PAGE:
Continuing to wend my way through the Sight and Sound Top 250 Greatest Movies of All Time. This week, it’s #180 on the list, Alfred Hitchcock’shere. And if you want a heads-up on what I’ll be watching for next week in case you want to watch along, just head on over to the Facebook page or follow me on Twitter (both of those links are also in the sidebar) where I’ll generally be posting that info later in the day.. For a longer introduction to this series and a look at the full list, just click
So in writing about today’s entry into the Sight and Sound Top 250 line-up, Alfred Hitchcock’s Notorious, one has to consider what can only be termed the “Hitchcock problem” which is somewhat inherent in any poll like this, and especially in one that produces such a large list of films.
Simply put, the problem is an overabundance of truly excellent films to choose from.
Yeah, it may perhaps seem strange to consider this a “problem”, but…
Here’s the deal from my perspective: Hitchcock directed so many truly great movies over the years that there’s no way that anyone can possibly make a list of “Greatest Movies” without including him somewhere on the list. Well, that’s not quite true, I suppose. One could certainly make such a list, but the exclusion of Sir Alfred would have to be purposeful and mostly an exercise not just in trying to be non-conformist, but also in denying an truly great director his place in the film-making landscape.
Obviously, the consensus answer to the second question at least in 2012, the year this version of the poll was released fell to Vertigo enough times that it actually managed to displace Citizen Kane from it’s long standing place in the top spot of the list. Is it really the best film Hitchcock made in his long career? Personally, I’d argue no – my vote goes to Rear Window, which has become my go-to answer when anyone asks me for my all-time favorite movie, if for no other reason than one has to have an answer to that question readily available, and I think it goes a long way towards being Hitchcock’s best and certainly a good way to open the discussion – but at that point one truly gets into personal preference, which, in the end is where these lists are finally built anyway.
As far as the first question above, that of how many places one allows for Hitchcock films, well, that’s not one that I’m really looking at to answer numerically, but rather I bring it up in order to point out that I think it’s that question that places at least five different movies from the director’s filmography on the list, and finds (or perhaps makes?) room for a movie like Notorious on it.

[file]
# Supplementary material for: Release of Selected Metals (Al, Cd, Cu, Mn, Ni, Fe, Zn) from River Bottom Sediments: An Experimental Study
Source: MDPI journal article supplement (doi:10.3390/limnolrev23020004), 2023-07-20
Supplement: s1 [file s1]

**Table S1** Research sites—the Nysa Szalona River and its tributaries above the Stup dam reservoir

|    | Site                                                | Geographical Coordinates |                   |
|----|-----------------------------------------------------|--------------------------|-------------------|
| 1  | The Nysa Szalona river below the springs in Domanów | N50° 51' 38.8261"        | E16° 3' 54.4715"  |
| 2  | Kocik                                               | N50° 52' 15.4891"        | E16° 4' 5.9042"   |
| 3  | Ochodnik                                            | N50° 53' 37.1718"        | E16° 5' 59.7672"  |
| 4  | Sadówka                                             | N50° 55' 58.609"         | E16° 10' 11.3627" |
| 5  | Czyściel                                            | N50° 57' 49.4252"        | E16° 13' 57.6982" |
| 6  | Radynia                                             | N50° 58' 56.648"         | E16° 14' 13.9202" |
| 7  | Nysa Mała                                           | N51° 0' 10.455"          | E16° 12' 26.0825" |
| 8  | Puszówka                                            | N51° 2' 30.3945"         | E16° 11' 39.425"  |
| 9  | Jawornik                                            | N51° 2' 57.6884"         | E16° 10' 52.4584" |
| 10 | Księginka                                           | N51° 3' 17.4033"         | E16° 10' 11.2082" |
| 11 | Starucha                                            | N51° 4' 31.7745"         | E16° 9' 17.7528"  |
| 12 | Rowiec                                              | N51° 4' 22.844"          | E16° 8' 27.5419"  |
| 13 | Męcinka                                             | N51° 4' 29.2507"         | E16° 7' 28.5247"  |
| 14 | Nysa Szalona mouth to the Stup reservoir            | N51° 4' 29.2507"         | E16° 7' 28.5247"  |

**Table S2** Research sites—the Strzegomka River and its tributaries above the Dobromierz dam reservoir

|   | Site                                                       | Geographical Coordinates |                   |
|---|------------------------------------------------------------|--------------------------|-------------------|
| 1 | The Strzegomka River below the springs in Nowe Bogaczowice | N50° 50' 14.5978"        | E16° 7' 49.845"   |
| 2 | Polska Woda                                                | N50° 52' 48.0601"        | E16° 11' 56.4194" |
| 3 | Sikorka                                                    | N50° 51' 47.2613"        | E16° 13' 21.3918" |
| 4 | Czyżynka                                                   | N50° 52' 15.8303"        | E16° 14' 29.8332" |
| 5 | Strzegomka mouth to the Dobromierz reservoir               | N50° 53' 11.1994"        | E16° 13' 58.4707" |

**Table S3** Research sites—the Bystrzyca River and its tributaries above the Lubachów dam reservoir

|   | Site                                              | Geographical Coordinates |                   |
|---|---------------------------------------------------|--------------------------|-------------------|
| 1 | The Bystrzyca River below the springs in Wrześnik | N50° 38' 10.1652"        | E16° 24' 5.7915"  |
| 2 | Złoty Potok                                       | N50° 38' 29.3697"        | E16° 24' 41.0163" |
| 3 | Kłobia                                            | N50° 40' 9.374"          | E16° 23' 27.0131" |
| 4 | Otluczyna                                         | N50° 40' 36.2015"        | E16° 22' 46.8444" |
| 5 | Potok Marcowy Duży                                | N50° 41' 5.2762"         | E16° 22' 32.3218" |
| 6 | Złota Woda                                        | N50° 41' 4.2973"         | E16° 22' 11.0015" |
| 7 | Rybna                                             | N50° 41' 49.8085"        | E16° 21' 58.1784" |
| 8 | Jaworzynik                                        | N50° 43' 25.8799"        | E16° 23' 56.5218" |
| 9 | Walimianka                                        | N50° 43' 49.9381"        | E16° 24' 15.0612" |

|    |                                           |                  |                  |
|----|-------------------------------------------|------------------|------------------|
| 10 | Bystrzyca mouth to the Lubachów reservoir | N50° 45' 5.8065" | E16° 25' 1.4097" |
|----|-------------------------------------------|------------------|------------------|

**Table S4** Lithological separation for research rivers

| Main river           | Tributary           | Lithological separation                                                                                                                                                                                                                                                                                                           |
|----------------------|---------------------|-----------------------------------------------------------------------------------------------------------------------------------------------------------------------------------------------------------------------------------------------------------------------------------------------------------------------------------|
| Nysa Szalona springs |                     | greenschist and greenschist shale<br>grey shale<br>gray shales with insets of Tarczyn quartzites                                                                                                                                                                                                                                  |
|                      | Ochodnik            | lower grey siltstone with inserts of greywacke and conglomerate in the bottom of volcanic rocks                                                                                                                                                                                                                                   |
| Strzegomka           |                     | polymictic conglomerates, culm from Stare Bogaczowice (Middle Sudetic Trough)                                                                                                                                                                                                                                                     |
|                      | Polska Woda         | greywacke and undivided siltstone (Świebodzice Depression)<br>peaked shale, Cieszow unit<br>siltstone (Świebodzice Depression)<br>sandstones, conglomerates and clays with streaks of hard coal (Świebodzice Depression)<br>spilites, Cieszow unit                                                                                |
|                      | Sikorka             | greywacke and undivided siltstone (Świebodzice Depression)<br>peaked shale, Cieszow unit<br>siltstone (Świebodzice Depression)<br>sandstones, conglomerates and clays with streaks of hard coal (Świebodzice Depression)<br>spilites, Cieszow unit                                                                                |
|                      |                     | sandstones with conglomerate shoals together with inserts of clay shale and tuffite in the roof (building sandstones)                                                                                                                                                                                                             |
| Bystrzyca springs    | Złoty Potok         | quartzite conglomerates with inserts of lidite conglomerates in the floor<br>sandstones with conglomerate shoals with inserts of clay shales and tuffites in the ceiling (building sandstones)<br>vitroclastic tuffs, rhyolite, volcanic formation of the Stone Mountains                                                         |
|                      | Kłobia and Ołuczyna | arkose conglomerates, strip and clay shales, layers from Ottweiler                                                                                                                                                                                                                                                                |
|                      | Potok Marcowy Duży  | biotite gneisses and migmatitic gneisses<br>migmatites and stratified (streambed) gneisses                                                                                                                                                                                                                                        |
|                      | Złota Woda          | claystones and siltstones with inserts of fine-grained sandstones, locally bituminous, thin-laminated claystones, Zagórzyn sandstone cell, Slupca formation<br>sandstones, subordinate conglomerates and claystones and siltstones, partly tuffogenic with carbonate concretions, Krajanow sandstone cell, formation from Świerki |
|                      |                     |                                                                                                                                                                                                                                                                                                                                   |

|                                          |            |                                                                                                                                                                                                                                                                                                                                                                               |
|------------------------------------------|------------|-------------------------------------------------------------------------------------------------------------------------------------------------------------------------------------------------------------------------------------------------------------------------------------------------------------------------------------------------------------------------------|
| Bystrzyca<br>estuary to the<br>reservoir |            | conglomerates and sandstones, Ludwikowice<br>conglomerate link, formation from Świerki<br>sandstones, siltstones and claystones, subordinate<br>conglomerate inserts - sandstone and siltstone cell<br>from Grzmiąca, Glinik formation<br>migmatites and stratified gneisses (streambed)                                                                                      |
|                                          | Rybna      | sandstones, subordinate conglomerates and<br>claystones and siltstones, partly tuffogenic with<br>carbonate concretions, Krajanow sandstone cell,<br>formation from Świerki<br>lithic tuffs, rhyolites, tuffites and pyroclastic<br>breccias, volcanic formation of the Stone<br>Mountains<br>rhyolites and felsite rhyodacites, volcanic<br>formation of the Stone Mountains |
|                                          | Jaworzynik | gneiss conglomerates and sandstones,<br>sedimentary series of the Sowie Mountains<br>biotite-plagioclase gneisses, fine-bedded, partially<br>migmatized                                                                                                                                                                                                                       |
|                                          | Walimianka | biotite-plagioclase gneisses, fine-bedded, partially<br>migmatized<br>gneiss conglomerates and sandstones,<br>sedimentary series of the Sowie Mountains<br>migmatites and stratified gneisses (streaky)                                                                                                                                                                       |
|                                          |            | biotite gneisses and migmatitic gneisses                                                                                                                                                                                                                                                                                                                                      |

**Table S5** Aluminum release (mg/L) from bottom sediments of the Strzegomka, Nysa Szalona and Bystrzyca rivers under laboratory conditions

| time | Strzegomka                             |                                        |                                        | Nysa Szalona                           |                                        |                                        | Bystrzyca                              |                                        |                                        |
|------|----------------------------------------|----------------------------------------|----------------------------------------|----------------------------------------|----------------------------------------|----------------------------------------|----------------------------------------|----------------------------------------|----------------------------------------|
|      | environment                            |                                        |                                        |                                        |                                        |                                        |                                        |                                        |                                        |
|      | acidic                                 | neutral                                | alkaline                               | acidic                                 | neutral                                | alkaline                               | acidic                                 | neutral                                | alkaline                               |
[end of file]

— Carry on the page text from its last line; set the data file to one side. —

Make no mistake. Notorious is an excellent movie, and if it were made by anyone other than Hitchcock it could easily qualify as a director’s greatest work. However, when placed within the scope of this particular director’s achievements, one has to wonder in a way if it simply doesn’t pale in comparison.
Again, another aspect of the “Hitchcock problem”: when a director has made so many movies that could be considered other directors’ best work, how does one deal with those which are simply “great” but not “the greatest” in compiling a list like this?
Okay, so I’m six hundred words into this, and i really haven’t even gotten to the movie itself, but I suspect you’ve likely already picked up in the comments that I’ve made my response to it. Simply put, Notorious is an excellent film from an excellent director that, while it may not be his very best certainly shows why he has to be considered as one of the most elite film-makers of all time.
It’s a movie that showcases a number of Hitch’s favorite tropes – especially that of a relatively “common man” (though in this case the “common man” is female) caught up in unexpected circumstances beyond their experience or control. In a way, one could actually consider it largely a gender-swapped version of North By Northwest – which, just by the way, also appears on the list at number 54.
It also is a movie that shows why the director is so highly ranked among his peers as it contains a number of unique camera angles, editing decisions, and shot set-ups that showcase a great dramatist at the height of his game.
And finally, it is a movie that – no matter how various actors may have responded to their treatment by Hitchcock both on and off screen, and his reported attitudes toward those who worked under him, once again simply shows just how good he was at pulling quality performances from not only his stars – Cary Grant, Ingrid Bergman, and Claude Rains all shine here – but from those who are also simply there to help populate his films.
In other words, yes, Notorious really is a great film which deserves its place on the list, and one which I highly recommend not just watching, but seeking out if you haven’t seen it already.
And that’s an evaluation I have no problem making at all.
- Best Movies of All Time #218: Notorious (1946) (themanicdepressives.wordpress.com)
- Cary Grant: The Road to Suspicion (aurorasginjoint.com)
- Notorious (1946) (fifthabouttheseventh.com)